Spanish actor Javier Bardem is an enormously talented performer who’s played characters from all walks of life. He’s illuminated a poverty-stricken single father dying of cancer in “Biutiful,” a quadriplegic fighting for the right to end his life in “The Sea Inside” and a gay Cuban poet in “Before Night Falls.”
But despite a long and varied career in both Spanish and American films, Bardem is still best known as the ultimate bad guy. It all started with his indelible, Oscar-winning portrait of the cattle-prod-carrying assassin Anton Chigurh in “No Country For Old Men.”
Then came his performance as Bond villain Raoul Silva in “Skyfall.” And now Bardem highlights “Pirates of the Caribbean: Dead Men Tell No Tales” as Salazar, a bad guy who was burned years earlier by Jack Sparrow (Johnny Depp) and is out for revenge.
Bardem says he’s made peace with movie-goers’ belief that he always plays bad guys.
“This is a job and I do what they offer me, and then among what they offer, I try to get the best,” he reveals. “I’m always saying, ‘I’ve only done three villains.’
“I played villains in ‘No Country For Old Men,’ ‘Skyfall’ and this one, but they’ve all been very powerful movies so I guess that’s why the echo of them is bigger, no? [My villains] belong to good movies. Different in genres, but strong movies.”
Off screen, Bardem is quite a contrast to his most famous characters. Married to actress Penelope Cruz, with whom he has two children, the actor is known for his humanitarian work.
He starred in the movie “Sons of the Clouds: The Last Colony” in hopes of throwing a spotlight on the suffering of the Sahrawi people in refugee camps and denounced the U.N. for not resolving the crisis. In 2014, during the Israel-Gaza conflict, both Bardem and Cruz signed an open letter criticizing Israel’s actions as genocide.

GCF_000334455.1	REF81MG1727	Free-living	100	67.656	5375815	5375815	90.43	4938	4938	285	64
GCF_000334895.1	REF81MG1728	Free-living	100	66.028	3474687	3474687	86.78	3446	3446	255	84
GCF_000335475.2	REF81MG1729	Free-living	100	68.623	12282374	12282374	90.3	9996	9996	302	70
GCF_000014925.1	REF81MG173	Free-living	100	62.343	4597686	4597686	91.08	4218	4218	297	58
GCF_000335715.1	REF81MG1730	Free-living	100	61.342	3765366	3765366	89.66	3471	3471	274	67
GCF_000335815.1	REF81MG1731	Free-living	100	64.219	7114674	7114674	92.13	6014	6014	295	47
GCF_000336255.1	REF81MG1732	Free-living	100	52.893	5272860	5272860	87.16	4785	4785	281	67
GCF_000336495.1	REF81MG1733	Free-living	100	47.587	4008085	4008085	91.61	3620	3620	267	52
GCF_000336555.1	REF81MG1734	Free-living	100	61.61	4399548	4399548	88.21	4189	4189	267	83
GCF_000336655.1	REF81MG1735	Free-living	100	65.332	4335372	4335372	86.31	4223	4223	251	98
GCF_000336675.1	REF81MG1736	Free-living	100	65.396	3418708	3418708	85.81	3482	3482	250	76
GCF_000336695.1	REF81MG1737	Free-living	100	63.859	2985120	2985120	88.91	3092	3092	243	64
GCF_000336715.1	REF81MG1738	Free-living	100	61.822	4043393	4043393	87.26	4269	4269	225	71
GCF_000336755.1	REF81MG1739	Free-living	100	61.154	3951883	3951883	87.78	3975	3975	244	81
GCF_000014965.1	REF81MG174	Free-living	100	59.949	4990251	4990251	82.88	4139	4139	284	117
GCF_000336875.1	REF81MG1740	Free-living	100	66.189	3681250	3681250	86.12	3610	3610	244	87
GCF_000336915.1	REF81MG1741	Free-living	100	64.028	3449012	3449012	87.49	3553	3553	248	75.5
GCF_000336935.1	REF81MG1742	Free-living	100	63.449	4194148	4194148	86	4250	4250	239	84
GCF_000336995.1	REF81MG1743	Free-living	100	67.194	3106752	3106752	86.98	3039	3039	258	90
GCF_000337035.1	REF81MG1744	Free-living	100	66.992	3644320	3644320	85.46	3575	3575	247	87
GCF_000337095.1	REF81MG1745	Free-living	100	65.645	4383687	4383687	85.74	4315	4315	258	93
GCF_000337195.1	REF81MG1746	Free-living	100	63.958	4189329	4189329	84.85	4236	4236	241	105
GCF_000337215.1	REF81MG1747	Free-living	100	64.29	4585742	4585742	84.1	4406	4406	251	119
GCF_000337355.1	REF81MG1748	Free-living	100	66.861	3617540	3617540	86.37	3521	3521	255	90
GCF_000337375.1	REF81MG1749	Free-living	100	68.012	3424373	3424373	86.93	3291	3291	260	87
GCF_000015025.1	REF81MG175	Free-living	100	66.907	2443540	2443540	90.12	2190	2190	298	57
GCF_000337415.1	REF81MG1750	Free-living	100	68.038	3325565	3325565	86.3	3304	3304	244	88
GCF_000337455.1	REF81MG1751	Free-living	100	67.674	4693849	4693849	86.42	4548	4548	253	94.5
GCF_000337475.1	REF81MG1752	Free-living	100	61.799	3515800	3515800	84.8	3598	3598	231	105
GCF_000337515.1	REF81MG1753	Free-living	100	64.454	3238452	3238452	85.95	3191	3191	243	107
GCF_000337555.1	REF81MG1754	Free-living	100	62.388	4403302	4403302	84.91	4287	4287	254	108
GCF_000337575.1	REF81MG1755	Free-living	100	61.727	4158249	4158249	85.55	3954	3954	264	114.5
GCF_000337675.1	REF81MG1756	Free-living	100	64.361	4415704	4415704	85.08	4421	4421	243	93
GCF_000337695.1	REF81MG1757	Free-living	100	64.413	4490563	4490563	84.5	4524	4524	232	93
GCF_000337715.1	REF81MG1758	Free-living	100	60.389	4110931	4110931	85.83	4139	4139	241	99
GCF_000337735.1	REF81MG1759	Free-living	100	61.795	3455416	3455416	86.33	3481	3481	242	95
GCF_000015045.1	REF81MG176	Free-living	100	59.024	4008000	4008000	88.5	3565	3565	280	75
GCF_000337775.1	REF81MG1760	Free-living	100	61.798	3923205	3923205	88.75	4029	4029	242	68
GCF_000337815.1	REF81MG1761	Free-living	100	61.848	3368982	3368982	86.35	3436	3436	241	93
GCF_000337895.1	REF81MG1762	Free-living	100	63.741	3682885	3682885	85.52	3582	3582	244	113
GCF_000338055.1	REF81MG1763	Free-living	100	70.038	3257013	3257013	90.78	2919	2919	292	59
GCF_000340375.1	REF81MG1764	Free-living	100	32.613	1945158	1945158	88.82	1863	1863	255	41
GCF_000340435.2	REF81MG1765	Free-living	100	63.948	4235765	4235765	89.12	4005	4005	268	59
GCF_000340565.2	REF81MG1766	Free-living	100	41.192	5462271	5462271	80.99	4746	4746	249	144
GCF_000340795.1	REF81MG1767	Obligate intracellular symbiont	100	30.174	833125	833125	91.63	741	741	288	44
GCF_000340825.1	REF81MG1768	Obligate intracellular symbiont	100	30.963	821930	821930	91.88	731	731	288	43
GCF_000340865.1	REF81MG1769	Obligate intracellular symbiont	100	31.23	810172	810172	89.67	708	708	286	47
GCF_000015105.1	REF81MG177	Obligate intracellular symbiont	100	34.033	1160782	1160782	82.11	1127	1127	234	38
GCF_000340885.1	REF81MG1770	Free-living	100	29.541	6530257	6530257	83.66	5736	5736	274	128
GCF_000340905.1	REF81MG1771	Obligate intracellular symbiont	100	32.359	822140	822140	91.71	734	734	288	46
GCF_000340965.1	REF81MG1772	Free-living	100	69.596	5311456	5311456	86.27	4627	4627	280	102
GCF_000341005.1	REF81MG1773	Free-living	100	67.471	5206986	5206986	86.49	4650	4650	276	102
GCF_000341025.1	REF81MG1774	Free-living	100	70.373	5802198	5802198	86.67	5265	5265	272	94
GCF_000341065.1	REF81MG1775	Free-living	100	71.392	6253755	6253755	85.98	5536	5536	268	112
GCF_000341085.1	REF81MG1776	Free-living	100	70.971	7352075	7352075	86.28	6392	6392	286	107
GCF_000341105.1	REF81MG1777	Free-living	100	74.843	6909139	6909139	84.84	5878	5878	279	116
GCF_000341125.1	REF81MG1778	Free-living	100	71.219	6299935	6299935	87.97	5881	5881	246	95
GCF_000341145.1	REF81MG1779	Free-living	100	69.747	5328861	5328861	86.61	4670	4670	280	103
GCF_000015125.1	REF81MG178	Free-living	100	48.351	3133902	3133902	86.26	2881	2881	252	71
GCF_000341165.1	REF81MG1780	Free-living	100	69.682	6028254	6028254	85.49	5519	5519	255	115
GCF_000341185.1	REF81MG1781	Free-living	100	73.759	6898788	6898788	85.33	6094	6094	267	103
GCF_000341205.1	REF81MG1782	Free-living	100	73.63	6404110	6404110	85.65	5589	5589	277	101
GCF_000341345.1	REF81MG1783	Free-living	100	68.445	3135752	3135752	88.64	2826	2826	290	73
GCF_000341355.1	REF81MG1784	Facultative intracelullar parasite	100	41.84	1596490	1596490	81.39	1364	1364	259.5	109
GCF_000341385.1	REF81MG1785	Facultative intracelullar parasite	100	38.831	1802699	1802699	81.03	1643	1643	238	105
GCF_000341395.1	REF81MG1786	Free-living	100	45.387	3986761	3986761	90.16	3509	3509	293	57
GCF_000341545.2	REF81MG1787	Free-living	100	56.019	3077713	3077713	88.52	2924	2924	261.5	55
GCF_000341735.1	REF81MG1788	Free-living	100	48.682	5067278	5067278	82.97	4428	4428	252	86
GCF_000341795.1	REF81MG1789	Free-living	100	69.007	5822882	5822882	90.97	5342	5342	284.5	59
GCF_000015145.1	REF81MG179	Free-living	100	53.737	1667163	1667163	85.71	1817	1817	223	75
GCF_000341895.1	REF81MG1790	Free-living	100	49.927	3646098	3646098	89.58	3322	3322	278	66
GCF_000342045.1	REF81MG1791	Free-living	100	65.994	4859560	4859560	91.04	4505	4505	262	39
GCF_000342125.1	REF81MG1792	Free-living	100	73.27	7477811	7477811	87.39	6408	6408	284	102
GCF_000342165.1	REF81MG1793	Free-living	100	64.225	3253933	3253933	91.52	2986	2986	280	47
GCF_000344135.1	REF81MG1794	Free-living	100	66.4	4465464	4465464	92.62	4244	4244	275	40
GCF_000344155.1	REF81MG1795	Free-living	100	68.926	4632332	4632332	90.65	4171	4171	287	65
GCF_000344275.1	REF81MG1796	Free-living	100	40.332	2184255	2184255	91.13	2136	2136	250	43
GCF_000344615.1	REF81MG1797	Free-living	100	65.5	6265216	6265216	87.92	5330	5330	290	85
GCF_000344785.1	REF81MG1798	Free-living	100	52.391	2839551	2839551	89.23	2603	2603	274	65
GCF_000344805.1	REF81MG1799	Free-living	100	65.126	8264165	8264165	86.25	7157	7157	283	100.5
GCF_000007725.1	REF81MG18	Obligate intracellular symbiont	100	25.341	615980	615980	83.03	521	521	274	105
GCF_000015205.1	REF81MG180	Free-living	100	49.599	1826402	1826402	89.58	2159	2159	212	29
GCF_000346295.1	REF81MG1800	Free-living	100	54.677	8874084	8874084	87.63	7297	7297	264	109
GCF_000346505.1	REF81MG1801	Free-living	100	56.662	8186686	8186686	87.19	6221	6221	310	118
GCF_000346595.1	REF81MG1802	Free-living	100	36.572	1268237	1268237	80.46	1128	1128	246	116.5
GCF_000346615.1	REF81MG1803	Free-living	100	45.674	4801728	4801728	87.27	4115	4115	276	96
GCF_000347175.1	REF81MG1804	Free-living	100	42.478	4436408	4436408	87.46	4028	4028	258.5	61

His humanitarian work aside, Bardem says he enjoys playing evil characters because it gives him the opportunity to exorcise his own demons.
“It’s a gift,” says the actor, 48. “It’s a gift in the sense that I have the chance to put that out. …When I play rage, I play rage. … I don’t play rage for kicks.
“I think one of the great gifts of being an actor is to be able to give room to the 100,000 characters that we all hold inside. One of them is rage, and it’s good to give it a voice and say, ‘Okay, now you’re going to be out there for a couple of months so have fun and enjoy it.’
“It’s not that I want to kill people but you have to say, ‘yes, I am that, as well. I am that.’ The problem is when you are supposed to be one way [all the time] and you are holding those thousands of characters inside of you and you’re not allowed to give any room to them. That’s where the danger comes, I think.”
“Dead Men Tell No Tales,” which arrives 14 years after the last installment in the “Pirates” series, marks a reunion of sorts between Bardem and Depp who last co-starred in the low-budget drama “Before Night Falls” nearly 20 years ago.
So, what was it like for Bardem to work once again with Depp?
“It was bad because he looks exactly the same as 17 years ago,” says Bardem with a laugh. “I think, ‘Oh man, what happened? I’ve aged. He hasn’t.’ He really hasn’t aged. I can tell you, I was very close.”